As churches grew, Christians began to ask questions about their faith. What exactly did Jesus say? Is it necessary for Christian gentiles to be circumcised? How should the Lord’s Supper be celebrated? How are church leaders to be chosen? What should be done about sin?
While the apostles were living, these questions were generally referred to them.
The apostles were always willing to teach, and to tell about the acts and words of Jesus, but as they died, a need arose for a more permanent record of their teachings.
Compiling the Bible Record
An obvious collection of writings to be included in the Christian Bible were the Old Testament manuscripts. By the end of the 1st century, the contents of the Old Testament were fixed as including the 39 books which we now have. A few others, known as the Deuterocanonical books, were accepted by some just as they are now accepted as a lesser authority by some Christian churches today.
As for the more recent writings, there was wide support for the inclusion of Paul’s letters and the four Gospels. Written by apostles, they represented a firsthand knowledge of the acts and words of Christ. Other writings were more controversial, with arguments over the letters of Jude, John, and Peter. Hebrews, James, and Revelation also required discussion. Some churches thought that other writings, such as The Shepherd of Hermas and the Letter of Barnabas, should be included, but eventually they settled on the New Testament as we know it today. We have no record of it before AD 369, but it represents a consensus of the writings whose authority stood out from the rest, that which had proven to clarify the doctrines of the church.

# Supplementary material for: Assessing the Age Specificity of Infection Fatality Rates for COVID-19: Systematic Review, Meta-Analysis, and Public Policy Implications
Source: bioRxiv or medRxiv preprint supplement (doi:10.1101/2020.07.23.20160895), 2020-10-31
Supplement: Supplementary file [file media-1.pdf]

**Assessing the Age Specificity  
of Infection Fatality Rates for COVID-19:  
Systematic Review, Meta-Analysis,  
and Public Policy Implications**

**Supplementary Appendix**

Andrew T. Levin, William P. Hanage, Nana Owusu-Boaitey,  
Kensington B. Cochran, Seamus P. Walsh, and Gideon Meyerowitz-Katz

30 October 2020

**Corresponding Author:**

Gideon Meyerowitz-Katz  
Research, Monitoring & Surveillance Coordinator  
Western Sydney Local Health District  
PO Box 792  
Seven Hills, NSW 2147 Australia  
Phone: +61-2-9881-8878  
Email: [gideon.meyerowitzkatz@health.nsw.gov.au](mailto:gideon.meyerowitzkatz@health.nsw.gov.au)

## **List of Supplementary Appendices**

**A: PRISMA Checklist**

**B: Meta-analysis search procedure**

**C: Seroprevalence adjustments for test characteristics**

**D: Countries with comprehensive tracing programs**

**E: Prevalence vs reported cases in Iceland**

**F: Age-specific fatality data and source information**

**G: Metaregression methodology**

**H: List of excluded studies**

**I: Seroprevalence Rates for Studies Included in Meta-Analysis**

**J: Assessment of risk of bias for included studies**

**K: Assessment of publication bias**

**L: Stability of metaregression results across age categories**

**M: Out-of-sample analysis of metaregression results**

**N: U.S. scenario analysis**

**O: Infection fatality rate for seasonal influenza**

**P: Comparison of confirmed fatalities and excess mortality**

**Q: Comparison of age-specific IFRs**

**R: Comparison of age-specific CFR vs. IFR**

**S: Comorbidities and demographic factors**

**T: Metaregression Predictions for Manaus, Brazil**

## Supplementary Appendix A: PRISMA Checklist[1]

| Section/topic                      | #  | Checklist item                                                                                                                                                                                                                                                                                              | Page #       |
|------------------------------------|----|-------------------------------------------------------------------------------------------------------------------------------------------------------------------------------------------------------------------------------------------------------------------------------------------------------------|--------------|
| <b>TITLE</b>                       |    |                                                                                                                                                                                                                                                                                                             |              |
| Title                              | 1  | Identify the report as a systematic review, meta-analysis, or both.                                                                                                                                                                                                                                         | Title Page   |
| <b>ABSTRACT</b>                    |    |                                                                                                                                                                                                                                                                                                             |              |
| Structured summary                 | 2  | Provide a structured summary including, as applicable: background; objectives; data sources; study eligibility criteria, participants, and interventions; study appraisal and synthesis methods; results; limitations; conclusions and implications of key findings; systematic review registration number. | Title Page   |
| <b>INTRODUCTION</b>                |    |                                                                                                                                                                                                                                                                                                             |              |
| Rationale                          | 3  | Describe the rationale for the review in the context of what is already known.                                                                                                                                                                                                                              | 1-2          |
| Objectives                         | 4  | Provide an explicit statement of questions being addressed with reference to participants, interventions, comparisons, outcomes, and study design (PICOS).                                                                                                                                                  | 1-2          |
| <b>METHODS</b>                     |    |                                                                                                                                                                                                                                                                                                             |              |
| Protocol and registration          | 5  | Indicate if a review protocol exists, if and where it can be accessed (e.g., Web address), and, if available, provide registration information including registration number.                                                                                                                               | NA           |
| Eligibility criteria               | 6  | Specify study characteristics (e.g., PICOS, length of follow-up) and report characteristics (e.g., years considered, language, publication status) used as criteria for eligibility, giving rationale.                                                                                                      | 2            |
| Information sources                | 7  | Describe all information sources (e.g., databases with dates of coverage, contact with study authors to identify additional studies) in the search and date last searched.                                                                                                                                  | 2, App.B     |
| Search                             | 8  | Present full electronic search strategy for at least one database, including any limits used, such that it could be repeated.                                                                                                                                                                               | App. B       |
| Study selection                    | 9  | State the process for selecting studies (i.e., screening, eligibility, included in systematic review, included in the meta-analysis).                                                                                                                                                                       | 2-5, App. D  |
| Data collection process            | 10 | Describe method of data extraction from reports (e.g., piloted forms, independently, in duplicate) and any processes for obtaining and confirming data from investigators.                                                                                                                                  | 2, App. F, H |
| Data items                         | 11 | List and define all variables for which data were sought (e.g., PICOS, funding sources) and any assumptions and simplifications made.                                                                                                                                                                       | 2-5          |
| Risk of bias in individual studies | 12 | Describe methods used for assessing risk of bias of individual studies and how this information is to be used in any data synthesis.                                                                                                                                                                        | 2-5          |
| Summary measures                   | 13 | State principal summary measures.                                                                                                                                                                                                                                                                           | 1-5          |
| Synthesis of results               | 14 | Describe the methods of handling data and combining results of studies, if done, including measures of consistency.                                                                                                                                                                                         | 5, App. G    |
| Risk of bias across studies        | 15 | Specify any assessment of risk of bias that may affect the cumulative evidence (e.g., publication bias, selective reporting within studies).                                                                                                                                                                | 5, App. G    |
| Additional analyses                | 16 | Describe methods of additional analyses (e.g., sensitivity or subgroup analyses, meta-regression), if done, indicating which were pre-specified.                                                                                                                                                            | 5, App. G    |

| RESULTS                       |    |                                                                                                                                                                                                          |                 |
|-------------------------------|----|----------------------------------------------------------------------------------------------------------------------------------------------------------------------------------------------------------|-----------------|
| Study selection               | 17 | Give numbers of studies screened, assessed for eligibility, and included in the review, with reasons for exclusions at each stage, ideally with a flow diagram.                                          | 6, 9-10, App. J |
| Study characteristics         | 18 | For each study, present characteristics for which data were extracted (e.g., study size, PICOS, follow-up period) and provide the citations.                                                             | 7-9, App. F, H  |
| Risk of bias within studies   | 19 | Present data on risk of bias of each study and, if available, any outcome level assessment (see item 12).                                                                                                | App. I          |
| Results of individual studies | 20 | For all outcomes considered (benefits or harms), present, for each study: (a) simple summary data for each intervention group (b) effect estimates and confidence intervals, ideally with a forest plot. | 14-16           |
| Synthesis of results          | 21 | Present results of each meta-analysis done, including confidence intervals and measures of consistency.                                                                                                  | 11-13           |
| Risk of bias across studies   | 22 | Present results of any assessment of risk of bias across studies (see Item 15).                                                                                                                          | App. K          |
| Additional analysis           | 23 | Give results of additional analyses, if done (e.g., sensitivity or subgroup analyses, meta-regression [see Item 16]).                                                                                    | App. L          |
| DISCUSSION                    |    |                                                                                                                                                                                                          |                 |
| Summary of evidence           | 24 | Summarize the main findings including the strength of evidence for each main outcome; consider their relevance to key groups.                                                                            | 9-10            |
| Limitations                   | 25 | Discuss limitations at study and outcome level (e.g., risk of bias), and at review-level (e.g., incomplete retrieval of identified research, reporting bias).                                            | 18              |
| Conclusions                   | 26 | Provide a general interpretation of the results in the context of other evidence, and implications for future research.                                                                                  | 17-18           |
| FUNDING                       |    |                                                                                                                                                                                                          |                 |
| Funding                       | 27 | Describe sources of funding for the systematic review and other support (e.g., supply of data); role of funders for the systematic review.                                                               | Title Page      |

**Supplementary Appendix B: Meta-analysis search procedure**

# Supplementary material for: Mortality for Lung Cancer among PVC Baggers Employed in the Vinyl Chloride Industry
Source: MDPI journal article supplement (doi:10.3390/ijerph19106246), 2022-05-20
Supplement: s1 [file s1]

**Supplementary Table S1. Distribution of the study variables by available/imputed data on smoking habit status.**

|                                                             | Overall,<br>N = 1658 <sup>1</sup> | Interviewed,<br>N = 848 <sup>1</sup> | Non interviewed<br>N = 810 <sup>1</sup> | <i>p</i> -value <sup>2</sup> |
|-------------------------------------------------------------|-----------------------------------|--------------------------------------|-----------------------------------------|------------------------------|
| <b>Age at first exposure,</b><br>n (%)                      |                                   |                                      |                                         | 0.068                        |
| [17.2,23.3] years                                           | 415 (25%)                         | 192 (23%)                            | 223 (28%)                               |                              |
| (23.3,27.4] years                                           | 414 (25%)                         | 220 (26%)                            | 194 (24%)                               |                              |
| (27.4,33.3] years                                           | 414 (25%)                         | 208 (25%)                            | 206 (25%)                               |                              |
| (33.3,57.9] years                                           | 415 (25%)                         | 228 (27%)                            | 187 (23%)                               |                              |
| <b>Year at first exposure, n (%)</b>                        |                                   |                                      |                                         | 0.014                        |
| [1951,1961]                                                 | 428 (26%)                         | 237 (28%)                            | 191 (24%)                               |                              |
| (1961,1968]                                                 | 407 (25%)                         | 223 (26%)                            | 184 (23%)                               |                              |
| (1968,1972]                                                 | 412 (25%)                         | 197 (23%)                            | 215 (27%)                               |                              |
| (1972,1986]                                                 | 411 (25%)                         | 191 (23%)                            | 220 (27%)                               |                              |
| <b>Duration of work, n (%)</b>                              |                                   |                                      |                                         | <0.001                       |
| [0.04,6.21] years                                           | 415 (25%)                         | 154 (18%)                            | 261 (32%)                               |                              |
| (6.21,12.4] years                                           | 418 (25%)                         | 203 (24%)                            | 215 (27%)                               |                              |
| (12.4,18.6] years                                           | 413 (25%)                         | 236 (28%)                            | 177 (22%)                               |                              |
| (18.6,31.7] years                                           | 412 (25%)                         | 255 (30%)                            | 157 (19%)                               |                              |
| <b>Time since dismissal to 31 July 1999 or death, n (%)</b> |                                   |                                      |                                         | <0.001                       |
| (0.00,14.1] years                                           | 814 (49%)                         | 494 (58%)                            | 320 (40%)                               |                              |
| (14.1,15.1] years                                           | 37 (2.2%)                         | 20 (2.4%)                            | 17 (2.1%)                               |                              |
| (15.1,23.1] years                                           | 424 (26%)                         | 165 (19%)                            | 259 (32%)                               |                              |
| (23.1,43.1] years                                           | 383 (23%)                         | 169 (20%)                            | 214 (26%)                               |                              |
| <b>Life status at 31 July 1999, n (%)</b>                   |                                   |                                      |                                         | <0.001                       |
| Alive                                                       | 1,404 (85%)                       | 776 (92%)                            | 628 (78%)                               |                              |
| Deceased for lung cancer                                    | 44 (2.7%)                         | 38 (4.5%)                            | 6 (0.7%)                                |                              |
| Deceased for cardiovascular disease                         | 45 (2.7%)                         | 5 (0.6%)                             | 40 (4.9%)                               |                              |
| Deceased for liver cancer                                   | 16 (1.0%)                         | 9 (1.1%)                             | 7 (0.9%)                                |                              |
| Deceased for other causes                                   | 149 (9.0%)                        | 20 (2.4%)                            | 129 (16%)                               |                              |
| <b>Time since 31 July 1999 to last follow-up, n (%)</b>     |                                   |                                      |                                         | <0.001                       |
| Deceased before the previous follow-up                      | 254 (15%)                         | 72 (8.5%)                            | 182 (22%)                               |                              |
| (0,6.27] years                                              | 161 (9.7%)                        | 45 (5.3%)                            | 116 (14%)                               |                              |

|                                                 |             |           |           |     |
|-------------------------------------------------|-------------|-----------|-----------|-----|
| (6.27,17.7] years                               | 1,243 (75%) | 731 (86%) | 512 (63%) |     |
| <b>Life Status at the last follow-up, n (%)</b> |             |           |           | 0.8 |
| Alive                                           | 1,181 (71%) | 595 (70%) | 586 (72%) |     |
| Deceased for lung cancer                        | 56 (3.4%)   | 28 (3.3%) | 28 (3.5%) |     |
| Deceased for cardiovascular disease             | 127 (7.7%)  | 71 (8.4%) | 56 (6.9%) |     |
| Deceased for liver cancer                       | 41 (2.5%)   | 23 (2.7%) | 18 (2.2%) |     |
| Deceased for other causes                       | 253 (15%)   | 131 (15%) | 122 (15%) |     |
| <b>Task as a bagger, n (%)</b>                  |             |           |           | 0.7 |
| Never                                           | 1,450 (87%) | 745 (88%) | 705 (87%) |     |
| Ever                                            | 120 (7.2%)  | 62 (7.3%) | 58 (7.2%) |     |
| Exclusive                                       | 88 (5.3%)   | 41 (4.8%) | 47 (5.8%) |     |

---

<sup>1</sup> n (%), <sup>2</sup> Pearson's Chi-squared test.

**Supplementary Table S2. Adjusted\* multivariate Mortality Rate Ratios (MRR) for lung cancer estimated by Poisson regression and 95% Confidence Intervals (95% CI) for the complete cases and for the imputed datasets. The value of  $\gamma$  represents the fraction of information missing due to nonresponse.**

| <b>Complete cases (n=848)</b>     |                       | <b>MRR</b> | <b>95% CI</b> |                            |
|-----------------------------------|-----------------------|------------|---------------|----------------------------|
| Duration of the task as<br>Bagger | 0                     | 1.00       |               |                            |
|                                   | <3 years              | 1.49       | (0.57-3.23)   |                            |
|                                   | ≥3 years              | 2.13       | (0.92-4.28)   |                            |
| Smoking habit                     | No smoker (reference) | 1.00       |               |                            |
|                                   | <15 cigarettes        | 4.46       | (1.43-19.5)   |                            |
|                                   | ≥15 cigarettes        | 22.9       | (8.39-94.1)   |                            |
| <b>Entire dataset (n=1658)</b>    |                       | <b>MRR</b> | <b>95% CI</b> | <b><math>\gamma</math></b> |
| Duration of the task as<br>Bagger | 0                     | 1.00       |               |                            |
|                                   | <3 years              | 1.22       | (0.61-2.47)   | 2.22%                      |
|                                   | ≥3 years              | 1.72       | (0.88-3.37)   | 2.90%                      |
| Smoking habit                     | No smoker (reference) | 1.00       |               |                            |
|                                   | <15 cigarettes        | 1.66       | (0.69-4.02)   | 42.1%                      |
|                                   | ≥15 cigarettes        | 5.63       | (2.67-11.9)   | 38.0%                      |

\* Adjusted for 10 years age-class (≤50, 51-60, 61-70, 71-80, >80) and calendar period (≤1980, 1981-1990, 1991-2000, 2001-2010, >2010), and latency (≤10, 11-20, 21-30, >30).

Threats to Basic Beliefs
The leaders of the Christian church saw a great need for a consensus on the books that make up Christian doctrine, as unorthodox beliefs were competing with orthodox faith.
The Gnostics, for example, rejected the Old Testament, claiming secret knowledge of God, humanity, and the rest of the universe of which the general Christian community was unaware, and which was only loosely based on accepted Scripture.
Another threat to orthodox Christianity came from Marcion, the son of a bishop. Marcion regarded the created world as evil. He rejected the Old Testament writings altogether, along with those New Testament writings that linked the New Testament promises with the God of Old Testament law. He reduced the words of the apostles to those which spoke only of the God of love, and the God of salvation. In some ways, the New Age teachings of today resemble that of Marcion.
Creeds and Councils
Over the years, statements began to emerge summing up the basic tenets of Christianity. In time, the early leaders of the church added to, modified, or explained these statements of faith.
Irenaeus came from Lyons in Gaul, which is present-day France. He spent much of his time defending the faith against such heresies as Gnosticism. He was careful always to base his arguments in Bible teaching, illuminating the core beliefs of the church.